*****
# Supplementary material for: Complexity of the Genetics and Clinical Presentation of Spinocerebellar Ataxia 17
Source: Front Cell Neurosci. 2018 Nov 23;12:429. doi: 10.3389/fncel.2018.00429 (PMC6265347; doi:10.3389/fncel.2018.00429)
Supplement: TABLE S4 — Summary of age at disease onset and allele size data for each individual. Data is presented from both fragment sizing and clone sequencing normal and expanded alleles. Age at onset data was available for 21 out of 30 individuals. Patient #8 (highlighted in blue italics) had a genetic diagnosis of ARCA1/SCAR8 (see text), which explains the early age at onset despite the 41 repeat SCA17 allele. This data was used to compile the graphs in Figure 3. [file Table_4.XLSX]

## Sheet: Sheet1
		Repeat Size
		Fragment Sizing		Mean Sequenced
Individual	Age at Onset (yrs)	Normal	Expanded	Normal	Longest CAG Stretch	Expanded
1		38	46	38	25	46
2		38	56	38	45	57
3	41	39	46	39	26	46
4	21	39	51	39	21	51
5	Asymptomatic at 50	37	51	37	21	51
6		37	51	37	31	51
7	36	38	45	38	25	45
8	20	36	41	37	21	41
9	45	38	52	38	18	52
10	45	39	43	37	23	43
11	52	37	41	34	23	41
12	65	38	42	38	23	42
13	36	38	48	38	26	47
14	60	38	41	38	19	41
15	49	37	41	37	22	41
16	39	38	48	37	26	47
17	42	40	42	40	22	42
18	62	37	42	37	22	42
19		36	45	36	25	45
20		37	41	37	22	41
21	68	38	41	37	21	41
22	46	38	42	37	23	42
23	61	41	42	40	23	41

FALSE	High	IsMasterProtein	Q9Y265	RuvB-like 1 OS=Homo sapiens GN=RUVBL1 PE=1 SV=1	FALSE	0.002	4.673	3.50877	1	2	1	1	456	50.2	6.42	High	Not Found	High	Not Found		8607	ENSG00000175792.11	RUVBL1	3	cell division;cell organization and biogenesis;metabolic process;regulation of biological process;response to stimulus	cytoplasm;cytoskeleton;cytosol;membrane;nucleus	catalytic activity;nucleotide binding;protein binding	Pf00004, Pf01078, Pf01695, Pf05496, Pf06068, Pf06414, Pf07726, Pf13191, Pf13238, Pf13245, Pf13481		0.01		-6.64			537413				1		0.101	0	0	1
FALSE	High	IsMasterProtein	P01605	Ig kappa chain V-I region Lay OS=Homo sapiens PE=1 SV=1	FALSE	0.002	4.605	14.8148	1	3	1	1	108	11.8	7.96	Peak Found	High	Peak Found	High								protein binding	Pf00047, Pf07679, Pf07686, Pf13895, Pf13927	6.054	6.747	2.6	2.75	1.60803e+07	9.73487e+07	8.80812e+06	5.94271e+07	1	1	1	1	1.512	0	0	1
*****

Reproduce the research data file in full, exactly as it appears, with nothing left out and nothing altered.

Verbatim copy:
# Supplementary material for: Complexity of the Genetics and Clinical Presentation of Spinocerebellar Ataxia 17
Source: Front Cell Neurosci. 2018 Nov 23;12:429. doi: 10.3389/fncel.2018.00429 (PMC6265347; doi:10.3389/fncel.2018.00429)
Supplement: TABLE S4 — Summary of age at disease onset and allele size data for each individual. Data is presented from both fragment sizing and clone sequencing normal and expanded alleles. Age at onset data was available for 21 out of 30 individuals. Patient #8 (highlighted in blue italics) had a genetic diagnosis of ARCA1/SCAR8 (see text), which explains the early age at onset despite the 41 repeat SCA17 allele. This data was used to compile the graphs in Figure 3. [file Table_4.XLSX]

## Sheet: Sheet1
		Repeat Size
		Fragment Sizing		Mean Sequenced
Individual	Age at Onset (yrs)	Normal	Expanded	Normal	Longest CAG Stretch	Expanded
1		38	46	38	25	46
2		38	56	38	45	57
3	41	39	46	39	26	46
4	21	39	51	39	21	51
5	Asymptomatic at 50	37	51	37	21	51
6		37	51	37	31	51
7	36	38	45	38	25	45
8	20	36	41	37	21	41
9	45	38	52	38	18	52
10	45	39	43	37	23	43
11	52	37	41	34	23	41
12	65	38	42	38	23	42
13	36	38	48	38	26	47
14	60	38	41	38	19	41
15	49	37	41	37	22	41
16	39	38	48	37	26	47
17	42	40	42	40	22	42
18	62	37	42	37	22	42
19		36	45	36	25	45
20		37	41	37	22	41
21	68	38	41	37	21	41
22	46	38	42	37	23	42
23	61	41	42	40	23	41

FALSE	High	IsMasterProtein	Q9Y265	RuvB-like 1 OS=Homo sapiens GN=RUVBL1 PE=1 SV=1	FALSE	0.002	4.673	3.50877	1	2	1	1	456	50.2	6.42	High	Not Found	High	Not Found		8607	ENSG00000175792.11	RUVBL1	3	cell division;cell organization and biogenesis;metabolic process;regulation of biological process;response to stimulus	cytoplasm;cytoskeleton;cytosol;membrane;nucleus	catalytic activity;nucleotide binding;protein binding	Pf00004, Pf01078, Pf01695, Pf05496, Pf06068, Pf06414, Pf07726, Pf13191, Pf13238, Pf13245, Pf13481		0.01		-6.64			537413				1		0.101	0	0	1
FALSE	High	IsMasterProtein	P01605	Ig kappa chain V-I region Lay OS=Homo sapiens PE=1 SV=1	FALSE	0.002	4.605	14.8148	1	3	1	1	108	11.8	7.96	Peak Found	High	Peak Found	High								protein binding	Pf00047, Pf07679, Pf07686, Pf13895, Pf13927	6.054	6.747	2.6	2.75	1.60803e+07	9.73487e+07	8.80812e+06	5.94271e+07	1	1	1	1	1.512	0	0	1